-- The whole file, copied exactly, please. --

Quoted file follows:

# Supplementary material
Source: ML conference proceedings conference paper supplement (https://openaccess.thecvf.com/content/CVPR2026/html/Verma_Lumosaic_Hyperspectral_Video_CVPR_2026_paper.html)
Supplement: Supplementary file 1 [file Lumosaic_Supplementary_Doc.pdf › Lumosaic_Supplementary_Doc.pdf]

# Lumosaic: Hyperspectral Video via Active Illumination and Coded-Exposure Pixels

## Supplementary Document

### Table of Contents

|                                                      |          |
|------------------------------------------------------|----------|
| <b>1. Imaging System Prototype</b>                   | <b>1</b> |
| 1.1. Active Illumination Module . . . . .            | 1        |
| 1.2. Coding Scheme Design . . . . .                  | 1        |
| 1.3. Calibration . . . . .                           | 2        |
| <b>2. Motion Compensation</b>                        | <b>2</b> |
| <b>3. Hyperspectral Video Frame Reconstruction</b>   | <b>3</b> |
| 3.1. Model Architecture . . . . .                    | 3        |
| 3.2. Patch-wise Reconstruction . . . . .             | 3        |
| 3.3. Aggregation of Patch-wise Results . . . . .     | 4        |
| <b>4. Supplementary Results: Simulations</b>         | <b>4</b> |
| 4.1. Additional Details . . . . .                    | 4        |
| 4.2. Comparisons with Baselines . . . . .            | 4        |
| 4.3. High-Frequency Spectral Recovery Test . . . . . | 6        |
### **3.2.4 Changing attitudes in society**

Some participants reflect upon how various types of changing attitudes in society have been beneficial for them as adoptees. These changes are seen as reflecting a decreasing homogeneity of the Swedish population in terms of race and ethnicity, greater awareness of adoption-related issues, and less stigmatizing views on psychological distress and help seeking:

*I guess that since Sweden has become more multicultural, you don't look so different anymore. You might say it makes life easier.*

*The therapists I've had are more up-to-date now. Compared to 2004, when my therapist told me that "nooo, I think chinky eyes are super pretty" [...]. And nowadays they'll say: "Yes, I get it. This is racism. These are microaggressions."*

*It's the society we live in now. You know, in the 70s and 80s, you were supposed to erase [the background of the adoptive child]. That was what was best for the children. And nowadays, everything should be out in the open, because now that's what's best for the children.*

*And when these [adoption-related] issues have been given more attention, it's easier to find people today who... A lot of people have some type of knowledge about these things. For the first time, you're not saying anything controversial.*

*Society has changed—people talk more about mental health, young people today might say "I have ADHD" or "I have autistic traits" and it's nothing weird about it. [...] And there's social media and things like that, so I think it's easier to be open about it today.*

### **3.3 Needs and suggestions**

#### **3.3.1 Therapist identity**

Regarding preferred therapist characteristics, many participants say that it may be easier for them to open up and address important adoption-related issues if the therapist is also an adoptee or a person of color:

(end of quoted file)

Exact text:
# Supplementary material
Source: ML conference proceedings conference paper supplement (https://openaccess.thecvf.com/content/CVPR2026/html/Verma_Lumosaic_Hyperspectral_Video_CVPR_2026_paper.html)
Supplement: Supplementary file 1 [file Lumosaic_Supplementary_Doc.pdf › Lumosaic_Supplementary_Doc.pdf]

# Lumosaic: Hyperspectral Video via Active Illumination and Coded-Exposure Pixels

## Supplementary Document

### Table of Contents

|                                                      |          |
|------------------------------------------------------|----------|
| <b>1. Imaging System Prototype</b>                   | <b>1</b> |
| 1.1. Active Illumination Module . . . . .            | 1        |
| 1.2. Coding Scheme Design . . . . .                  | 1        |
| 1.3. Calibration . . . . .                           | 2        |
| <b>2. Motion Compensation</b>                        | <b>2</b> |
| <b>3. Hyperspectral Video Frame Reconstruction</b>   | <b>3</b> |
| 3.1. Model Architecture . . . . .                    | 3        |
| 3.2. Patch-wise Reconstruction . . . . .             | 3        |
| 3.3. Aggregation of Patch-wise Results . . . . .     | 4        |
| <b>4. Supplementary Results: Simulations</b>         | <b>4</b> |
| 4.1. Additional Details . . . . .                    | 4        |
| 4.2. Comparisons with Baselines . . . . .            | 4        |
| 4.3. High-Frequency Spectral Recovery Test . . . . . | 6        |
### **3.2.4 Changing attitudes in society**

Some participants reflect upon how various types of changing attitudes in society have been beneficial for them as adoptees. These changes are seen as reflecting a decreasing homogeneity of the Swedish population in terms of race and ethnicity, greater awareness of adoption-related issues, and less stigmatizing views on psychological distress and help seeking:

*I guess that since Sweden has become more multicultural, you don't look so different anymore. You might say it makes life easier.*

*The therapists I've had are more up-to-date now. Compared to 2004, when my therapist told me that "nooo, I think chinky eyes are super pretty" [...]. And nowadays they'll say: "Yes, I get it. This is racism. These are microaggressions."*

*It's the society we live in now. You know, in the 70s and 80s, you were supposed to erase [the background of the adoptive child]. That was what was best for the children. And nowadays, everything should be out in the open, because now that's what's best for the children.*

*And when these [adoption-related] issues have been given more attention, it's easier to find people today who... A lot of people have some type of knowledge about these things. For the first time, you're not saying anything controversial.*

*Society has changed—people talk more about mental health, young people today might say "I have ADHD" or "I have autistic traits" and it's nothing weird about it. [...] And there's social media and things like that, so I think it's easier to be open about it today.*

### **3.3 Needs and suggestions**

#### **3.3.1 Therapist identity**

Regarding preferred therapist characteristics, many participants say that it may be easier for them to open up and address important adoption-related issues if the therapist is also an adoptee or a person of color: